Negotiating Positionality in Ethnographic Investigations of Workplace Settings: Student, Consultant or Confidante?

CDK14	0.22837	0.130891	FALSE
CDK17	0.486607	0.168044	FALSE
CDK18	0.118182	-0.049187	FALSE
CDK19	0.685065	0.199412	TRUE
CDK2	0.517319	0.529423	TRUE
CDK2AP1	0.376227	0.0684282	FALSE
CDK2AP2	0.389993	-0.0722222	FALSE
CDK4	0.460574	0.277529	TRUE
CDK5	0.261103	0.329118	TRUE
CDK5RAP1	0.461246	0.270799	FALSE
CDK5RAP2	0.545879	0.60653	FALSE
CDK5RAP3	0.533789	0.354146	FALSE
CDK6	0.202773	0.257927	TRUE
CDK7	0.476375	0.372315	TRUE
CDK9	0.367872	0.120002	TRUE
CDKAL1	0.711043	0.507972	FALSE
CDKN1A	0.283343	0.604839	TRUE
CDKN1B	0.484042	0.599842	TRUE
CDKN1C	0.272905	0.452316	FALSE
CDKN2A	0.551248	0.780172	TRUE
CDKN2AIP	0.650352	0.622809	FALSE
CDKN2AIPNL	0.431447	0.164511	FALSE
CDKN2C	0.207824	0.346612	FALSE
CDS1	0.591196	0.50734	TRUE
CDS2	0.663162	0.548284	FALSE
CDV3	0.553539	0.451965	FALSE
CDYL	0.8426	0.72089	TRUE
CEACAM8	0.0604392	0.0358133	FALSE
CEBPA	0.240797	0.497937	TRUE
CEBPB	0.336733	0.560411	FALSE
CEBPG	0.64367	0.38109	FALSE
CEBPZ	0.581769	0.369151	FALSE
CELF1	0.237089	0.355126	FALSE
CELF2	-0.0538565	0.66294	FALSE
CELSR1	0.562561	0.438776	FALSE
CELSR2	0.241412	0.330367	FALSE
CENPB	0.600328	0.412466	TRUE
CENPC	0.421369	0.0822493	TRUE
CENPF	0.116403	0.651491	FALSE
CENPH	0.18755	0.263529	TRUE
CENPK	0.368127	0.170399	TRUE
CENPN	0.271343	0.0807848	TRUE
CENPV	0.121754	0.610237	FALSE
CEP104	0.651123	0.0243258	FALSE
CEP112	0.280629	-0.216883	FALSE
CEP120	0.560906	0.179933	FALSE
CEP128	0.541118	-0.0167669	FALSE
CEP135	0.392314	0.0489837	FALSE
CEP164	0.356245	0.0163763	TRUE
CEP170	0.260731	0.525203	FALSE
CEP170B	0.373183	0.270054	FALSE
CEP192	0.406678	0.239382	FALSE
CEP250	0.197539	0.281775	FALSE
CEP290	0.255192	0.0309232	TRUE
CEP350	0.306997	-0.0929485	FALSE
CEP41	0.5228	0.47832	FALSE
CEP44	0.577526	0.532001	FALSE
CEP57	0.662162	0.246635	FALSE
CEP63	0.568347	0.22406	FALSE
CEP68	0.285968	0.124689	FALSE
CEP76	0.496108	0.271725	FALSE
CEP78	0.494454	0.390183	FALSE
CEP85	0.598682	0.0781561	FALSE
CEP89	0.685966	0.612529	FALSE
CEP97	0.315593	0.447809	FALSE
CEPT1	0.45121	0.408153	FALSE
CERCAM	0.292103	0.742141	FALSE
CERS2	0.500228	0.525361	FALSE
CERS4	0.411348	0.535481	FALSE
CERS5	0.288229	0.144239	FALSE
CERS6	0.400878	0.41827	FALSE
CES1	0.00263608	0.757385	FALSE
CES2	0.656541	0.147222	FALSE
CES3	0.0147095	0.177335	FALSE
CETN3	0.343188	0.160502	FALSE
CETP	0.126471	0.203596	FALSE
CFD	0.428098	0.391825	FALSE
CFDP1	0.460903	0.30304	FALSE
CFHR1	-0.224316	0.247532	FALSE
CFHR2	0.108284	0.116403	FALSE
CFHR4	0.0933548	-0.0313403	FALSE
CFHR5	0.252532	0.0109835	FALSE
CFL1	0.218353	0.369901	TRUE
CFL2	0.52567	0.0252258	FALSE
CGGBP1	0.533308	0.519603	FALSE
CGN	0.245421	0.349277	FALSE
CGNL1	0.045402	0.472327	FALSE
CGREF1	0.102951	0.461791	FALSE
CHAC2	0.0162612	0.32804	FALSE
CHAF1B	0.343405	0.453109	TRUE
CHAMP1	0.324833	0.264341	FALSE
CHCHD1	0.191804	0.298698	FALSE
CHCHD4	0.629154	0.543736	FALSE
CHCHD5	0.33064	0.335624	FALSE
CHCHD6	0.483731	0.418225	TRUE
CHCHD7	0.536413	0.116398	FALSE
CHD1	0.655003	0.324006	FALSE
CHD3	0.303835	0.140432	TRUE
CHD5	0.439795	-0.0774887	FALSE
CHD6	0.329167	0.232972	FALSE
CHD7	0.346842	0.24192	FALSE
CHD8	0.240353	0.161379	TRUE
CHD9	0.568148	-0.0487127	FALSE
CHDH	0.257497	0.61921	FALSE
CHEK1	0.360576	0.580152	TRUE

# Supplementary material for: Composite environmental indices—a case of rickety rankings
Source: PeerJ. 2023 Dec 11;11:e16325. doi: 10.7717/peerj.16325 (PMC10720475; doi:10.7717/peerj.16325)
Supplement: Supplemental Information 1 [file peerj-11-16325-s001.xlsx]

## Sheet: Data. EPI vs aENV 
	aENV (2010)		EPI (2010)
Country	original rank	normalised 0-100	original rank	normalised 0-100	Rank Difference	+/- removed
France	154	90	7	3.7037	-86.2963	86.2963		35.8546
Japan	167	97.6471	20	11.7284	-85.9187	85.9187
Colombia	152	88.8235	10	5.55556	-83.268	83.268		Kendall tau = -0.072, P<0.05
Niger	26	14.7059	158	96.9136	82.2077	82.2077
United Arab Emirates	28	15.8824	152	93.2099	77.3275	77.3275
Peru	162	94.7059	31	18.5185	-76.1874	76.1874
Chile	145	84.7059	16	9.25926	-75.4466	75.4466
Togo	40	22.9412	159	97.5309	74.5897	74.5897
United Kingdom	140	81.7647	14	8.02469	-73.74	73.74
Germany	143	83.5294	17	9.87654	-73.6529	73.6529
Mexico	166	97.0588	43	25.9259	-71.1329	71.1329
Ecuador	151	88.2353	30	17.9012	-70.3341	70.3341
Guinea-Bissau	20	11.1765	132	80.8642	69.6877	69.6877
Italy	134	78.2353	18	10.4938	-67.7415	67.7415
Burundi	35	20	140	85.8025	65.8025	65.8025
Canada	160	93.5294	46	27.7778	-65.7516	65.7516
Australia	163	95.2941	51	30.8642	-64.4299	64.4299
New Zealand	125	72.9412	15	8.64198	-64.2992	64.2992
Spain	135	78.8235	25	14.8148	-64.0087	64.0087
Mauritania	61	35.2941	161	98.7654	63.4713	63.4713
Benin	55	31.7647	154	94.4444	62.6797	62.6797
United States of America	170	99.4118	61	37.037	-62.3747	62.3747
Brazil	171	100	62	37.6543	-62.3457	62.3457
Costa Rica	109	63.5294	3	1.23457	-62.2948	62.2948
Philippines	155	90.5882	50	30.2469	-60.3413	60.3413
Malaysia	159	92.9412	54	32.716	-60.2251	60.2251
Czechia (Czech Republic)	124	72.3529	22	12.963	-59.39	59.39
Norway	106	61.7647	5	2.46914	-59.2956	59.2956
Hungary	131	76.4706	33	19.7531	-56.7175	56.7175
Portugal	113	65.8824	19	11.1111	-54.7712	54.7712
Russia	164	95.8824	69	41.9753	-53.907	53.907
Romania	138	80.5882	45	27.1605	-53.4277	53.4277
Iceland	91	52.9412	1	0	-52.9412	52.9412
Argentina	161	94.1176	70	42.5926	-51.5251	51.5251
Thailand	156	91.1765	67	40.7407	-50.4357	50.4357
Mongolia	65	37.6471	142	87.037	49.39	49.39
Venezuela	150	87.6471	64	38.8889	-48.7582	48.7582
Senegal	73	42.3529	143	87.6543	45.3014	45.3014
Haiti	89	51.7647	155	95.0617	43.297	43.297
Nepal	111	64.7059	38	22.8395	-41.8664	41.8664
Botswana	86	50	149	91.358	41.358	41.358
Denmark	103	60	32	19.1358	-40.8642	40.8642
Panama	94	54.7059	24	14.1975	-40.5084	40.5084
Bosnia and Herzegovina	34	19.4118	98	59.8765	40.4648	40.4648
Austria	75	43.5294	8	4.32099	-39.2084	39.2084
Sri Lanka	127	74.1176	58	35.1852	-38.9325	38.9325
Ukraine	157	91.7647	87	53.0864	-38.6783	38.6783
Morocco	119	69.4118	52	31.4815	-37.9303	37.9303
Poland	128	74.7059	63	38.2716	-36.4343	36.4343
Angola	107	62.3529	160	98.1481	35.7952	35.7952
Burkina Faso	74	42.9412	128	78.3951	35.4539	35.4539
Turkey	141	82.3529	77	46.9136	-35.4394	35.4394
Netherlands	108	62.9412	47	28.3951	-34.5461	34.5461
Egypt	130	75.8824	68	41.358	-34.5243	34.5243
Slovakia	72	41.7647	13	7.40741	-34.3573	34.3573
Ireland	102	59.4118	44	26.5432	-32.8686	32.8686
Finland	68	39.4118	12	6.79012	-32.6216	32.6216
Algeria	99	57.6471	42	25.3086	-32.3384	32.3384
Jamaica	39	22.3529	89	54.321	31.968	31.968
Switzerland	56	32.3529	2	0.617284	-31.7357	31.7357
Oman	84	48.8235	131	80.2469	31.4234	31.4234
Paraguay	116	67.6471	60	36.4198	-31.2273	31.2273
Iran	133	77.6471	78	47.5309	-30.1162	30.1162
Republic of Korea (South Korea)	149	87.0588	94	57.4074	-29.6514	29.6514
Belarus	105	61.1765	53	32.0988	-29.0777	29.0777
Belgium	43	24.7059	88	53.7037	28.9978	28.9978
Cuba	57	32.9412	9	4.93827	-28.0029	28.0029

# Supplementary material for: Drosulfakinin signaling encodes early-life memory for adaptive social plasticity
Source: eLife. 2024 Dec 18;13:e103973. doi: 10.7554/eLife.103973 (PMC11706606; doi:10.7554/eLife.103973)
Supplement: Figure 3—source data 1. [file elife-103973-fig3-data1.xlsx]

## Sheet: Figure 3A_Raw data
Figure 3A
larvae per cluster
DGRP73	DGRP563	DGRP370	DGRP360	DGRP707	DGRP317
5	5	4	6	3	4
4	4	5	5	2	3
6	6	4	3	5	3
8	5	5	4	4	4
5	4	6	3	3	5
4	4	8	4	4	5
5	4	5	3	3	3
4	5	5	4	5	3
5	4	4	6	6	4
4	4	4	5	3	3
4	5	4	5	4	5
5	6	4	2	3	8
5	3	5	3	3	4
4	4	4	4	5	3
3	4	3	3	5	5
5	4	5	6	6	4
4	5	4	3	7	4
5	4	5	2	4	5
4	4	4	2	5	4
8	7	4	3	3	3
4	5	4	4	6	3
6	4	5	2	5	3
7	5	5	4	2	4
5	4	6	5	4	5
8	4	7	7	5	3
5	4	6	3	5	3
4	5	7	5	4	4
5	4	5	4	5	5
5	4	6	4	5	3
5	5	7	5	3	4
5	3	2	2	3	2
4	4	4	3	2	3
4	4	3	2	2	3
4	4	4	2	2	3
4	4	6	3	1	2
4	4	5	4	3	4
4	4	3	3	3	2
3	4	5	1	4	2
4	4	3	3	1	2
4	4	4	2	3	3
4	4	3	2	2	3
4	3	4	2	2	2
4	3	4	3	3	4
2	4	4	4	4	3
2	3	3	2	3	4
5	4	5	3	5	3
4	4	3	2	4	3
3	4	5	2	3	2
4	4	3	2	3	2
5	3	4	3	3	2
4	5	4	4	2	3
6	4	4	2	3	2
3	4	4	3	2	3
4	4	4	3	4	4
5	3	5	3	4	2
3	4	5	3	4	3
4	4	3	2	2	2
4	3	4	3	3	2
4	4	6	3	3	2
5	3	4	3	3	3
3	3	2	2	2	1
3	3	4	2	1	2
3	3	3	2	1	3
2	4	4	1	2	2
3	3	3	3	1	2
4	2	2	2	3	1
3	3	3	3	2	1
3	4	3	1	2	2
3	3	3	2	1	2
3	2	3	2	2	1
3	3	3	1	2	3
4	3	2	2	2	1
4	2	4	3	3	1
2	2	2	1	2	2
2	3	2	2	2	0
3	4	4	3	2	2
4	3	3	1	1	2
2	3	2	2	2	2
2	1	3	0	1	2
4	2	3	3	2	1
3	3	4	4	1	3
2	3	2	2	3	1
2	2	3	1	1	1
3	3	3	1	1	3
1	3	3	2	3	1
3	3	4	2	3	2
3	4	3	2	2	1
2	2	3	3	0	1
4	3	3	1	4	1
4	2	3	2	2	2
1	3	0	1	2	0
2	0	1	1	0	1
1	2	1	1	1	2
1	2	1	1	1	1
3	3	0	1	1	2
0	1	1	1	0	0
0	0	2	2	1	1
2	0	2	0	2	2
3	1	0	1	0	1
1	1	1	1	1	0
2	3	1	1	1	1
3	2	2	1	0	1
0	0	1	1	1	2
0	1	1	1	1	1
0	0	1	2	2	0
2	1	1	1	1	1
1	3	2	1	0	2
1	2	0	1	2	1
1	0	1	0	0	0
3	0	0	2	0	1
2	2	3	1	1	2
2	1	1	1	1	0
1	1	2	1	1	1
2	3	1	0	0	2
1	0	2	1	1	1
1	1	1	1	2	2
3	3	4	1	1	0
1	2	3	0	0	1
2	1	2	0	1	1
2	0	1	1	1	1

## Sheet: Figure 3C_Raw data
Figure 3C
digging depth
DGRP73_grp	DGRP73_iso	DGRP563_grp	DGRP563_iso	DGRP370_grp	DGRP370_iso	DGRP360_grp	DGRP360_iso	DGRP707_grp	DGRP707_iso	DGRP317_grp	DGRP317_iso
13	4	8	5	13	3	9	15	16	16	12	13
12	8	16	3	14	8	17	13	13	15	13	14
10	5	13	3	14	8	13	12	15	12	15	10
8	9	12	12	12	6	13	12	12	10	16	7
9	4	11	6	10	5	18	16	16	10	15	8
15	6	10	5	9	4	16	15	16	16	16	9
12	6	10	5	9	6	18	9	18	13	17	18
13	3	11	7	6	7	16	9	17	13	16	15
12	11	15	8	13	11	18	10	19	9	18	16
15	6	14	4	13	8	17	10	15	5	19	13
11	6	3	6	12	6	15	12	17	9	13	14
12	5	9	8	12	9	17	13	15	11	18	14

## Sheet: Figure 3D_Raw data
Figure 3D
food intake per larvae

“All researchers are positioned whether they write about it explicitly, separately, or not at all” (Chiseri-Strater, 1996, 115). Ethnographic researchers are not supposed to be neutral observers, but are very much part of the research process. As such, the ethnographer herself becomes part of the data collection process, and the relationship between researcher and informants becomes a part of the process as well. This means that we as researchers need to reflect on the research process, including our own position as researchers. One reason why this is important is because our way of positioning ourselves as researchers influences what we have access to. As Chiseri-Strater puts it: “Ethnographies that omit the methodology of doing fieldwork disappoint me, because this information can reveal what a researcher was positioned to see, to know, and to understand” (123). In other words, what we see — or what we are allowed to see — depends on where we stand and who we are in that moment. By reflecting on this positioning in our work, we are providing important contextual information on the status and value of our research.
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